By Arab News
By Abdel Aziz Aluwaisheg
On Thursday, March 1, 2012, the UN Human Rights Council in Geneva condemned Syria for its widespread and systematic violations against civilians. As testimony to international consensus on this matter, 37 member states voted in favor of the decision, while China, Cuba and Russia were against it. The resolution also urged the Syrian government to immediately stop all attacks on civilians and grant unhindered access to aid groups.
Where do Syrian civilians go from here? It is obvious that there are several avenues that are being explored to put pressure on the Syrian government to stop its attacks against its own people, but none have produced the desired results.
Already, a UN special commission had already submitted to the Council a report cataloguing gross violations of human rights, including crimes against humanity. It named 38 members of the Syrian government as implicated in those crimes.
During the meeting in Geneva, Navi Pillay, UN High Commissioner for Human Rights, told the council that she supported referring Syria to the International Criminal Court in The Hague over those crimes against humanity allegations contained in the UN commission report.
Also on Thursday, in New York, the UN Security Council issued a statement on Syria, for the first time in months, deploring the rapidly deteriorating humanitarian situation in the country and calling on the government to grant UN humanitarian chief Valerie Amos “immediate and unhindered access.” At the meantime, debates are ongoing on a new draft resolution before the UN Security Council, while Russian and Chinese vetoes loom above those discussions.
According to the UN, over 7,500 people have been killed in the yearlong uprising and many more injured or made homeless in their own country or in neighboring countries. Countless others are cowering in fear of the onslaught of the regime. All are in dire need of humanitarian assistance and above all protection from their own government.
Incredibly, the Syrian government has refused permission for the International Committee of the Red Cross (ICRC) to provide assistance or protection to the civilian population in Homs, other than evacuation of Western journalist trapped in the city, and the bodies of other journalists who had been killed there.
If it were up to the Syrian government, the situation is just fine and the world should respect its sovereignty over its own people, which it interprets to mean freedom to do whatever it deems necessary to deal with the uprising, regardless of how many human rights conventions and norms it violates in the process of crushing it.
What should the international community do to protect those civilians in the face of the inability or unwillingness of the Syrian government to provide such protection, or when the government itself if a party to the killing?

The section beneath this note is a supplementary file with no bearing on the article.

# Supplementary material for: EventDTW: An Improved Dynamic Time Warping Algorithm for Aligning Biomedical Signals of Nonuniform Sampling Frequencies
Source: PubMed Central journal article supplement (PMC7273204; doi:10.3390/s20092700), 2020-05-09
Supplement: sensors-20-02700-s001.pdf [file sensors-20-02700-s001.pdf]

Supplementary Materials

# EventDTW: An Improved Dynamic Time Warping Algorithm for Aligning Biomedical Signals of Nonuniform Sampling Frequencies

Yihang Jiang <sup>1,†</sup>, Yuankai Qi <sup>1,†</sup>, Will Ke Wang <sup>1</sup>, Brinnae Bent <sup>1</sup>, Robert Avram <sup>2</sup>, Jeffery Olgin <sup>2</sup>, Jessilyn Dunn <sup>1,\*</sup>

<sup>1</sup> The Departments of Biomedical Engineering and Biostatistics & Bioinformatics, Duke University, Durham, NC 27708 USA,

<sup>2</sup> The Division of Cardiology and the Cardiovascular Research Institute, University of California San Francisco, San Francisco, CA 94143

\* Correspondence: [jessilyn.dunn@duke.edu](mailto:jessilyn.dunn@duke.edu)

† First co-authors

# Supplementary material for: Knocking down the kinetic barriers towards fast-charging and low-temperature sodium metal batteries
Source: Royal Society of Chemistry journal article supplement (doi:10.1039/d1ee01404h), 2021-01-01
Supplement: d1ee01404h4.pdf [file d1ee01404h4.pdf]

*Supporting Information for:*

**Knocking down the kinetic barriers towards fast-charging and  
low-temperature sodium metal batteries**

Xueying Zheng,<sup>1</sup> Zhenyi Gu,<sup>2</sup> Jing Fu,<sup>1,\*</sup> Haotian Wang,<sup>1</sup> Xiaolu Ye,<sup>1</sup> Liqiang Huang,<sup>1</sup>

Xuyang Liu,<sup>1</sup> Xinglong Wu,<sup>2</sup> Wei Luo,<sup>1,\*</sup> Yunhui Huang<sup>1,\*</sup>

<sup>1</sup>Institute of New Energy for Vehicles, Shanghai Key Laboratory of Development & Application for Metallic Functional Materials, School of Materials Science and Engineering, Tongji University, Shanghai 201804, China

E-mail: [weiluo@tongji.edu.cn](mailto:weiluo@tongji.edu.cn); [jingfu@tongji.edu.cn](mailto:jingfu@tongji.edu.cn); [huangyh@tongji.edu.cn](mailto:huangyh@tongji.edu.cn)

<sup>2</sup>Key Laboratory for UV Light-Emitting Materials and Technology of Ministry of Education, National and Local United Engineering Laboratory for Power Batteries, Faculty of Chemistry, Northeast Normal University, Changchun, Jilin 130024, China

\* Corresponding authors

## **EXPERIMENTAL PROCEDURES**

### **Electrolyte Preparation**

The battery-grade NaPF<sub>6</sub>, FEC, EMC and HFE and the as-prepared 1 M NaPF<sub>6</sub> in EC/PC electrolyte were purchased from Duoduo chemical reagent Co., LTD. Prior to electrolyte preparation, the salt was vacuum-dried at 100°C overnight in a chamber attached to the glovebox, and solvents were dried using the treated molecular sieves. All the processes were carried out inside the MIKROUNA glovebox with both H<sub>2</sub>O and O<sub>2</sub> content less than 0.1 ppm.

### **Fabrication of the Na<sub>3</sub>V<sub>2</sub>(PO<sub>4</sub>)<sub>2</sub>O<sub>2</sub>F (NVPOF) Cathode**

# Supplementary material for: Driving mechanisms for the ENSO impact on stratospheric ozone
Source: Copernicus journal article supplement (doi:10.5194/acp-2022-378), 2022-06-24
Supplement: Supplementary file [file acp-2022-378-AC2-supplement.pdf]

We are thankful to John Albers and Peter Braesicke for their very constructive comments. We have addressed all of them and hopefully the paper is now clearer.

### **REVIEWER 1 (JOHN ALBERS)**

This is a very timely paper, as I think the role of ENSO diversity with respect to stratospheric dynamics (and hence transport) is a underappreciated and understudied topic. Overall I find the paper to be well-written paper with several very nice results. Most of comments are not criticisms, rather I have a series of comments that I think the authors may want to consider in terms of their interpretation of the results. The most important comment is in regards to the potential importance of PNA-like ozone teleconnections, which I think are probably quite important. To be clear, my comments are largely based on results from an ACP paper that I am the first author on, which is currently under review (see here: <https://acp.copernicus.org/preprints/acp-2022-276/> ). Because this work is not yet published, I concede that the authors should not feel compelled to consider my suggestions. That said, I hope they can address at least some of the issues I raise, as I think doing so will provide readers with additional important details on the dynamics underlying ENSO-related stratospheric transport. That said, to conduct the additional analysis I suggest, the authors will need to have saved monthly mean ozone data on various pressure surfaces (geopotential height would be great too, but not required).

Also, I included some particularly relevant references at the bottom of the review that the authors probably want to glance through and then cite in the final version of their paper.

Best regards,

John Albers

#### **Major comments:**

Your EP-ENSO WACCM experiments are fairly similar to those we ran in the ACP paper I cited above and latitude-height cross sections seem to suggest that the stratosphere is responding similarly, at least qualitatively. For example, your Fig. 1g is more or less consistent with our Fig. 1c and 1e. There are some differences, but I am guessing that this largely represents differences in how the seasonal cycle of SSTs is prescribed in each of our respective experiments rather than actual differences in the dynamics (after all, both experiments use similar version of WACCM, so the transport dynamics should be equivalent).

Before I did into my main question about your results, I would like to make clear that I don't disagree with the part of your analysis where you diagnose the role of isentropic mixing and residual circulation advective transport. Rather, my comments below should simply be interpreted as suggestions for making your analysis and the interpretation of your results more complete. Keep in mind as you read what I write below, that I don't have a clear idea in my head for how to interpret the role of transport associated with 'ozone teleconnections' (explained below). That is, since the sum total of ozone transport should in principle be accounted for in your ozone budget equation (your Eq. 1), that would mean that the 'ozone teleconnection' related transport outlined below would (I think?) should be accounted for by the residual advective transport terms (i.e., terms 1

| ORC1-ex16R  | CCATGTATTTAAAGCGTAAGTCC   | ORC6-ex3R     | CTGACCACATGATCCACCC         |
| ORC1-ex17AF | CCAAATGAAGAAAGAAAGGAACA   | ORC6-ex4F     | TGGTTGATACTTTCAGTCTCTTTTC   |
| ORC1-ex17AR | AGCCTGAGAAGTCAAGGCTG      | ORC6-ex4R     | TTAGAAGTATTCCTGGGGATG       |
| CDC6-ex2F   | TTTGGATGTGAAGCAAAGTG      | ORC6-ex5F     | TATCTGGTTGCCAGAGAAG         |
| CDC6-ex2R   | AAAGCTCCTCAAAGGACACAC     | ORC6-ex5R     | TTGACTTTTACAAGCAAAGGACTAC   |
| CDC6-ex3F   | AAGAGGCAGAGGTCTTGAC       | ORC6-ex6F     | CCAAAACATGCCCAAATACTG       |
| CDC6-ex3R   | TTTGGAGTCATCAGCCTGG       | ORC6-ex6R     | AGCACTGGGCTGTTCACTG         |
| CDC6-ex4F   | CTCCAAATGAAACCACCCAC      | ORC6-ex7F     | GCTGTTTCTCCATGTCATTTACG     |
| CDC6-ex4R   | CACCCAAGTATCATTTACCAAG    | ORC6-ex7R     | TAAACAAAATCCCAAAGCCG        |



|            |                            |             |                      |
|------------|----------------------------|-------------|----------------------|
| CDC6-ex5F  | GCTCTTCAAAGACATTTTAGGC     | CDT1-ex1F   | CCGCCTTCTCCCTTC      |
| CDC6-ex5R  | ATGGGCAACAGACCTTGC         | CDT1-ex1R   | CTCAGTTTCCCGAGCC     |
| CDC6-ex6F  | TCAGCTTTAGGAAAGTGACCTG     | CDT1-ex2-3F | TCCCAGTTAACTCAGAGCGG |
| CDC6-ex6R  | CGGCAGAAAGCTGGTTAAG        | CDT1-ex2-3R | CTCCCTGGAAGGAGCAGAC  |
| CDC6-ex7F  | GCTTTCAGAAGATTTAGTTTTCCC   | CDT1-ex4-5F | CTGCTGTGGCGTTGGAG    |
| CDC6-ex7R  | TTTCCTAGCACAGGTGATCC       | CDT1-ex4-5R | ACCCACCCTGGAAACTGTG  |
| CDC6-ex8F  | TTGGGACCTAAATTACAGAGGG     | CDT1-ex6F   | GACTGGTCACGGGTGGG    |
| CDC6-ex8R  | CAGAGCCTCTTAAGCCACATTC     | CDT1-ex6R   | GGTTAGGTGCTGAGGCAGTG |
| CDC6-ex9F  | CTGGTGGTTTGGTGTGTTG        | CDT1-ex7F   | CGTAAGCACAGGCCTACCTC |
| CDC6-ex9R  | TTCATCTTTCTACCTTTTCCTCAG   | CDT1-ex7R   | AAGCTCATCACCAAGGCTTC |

The principle of “responsibility to protect” could help crystallize international action. This concept evolved over the past decade in the theory and practice of international humanitarian law, and is based on the idea that sovereignty is not absolute, but conditioned by other norms and principles. There is no question that international law holds certain crimes to be an affront to the international legal and moral systems. They are called “Mass Atrocity Crimes” and include genocide, war crimes, crimes against humanity, and ethnic cleansing. There is a shared international responsibility to protect civilian populations against those crimes.
While a state first and foremost is responsible for protecting its population from those crimes, the international community has a responsibility to assist the state if it is unable to protect its population on its own. However, if the state fails to protect its population from those Mass Atrocity Crimes, and peaceful measures have failed, the international community has the responsibility to intervene to provide such protection.
While military intervention should be the last resort, there is no question that other coercive means could and should be used first, including effective and smart sanctions, economic as well as political.
Most urgently, humanitarian assistance Under the Geneva Conventions and Protocols, the ICRC is the main power authorized to deliver humanitarian assistance in cases such as the Syrian conflict. Failure by the Syrian government to allow the ICRC to provide such assistance is in clear violation of those conventions and should trigger international pressure to ensure its access to Homs and other affected Syrian towns.
As a first step, the international community, through the UNSC or otherwise, the ICRC should be allowed to carry out its responsibilities in protecting civilians in Syria.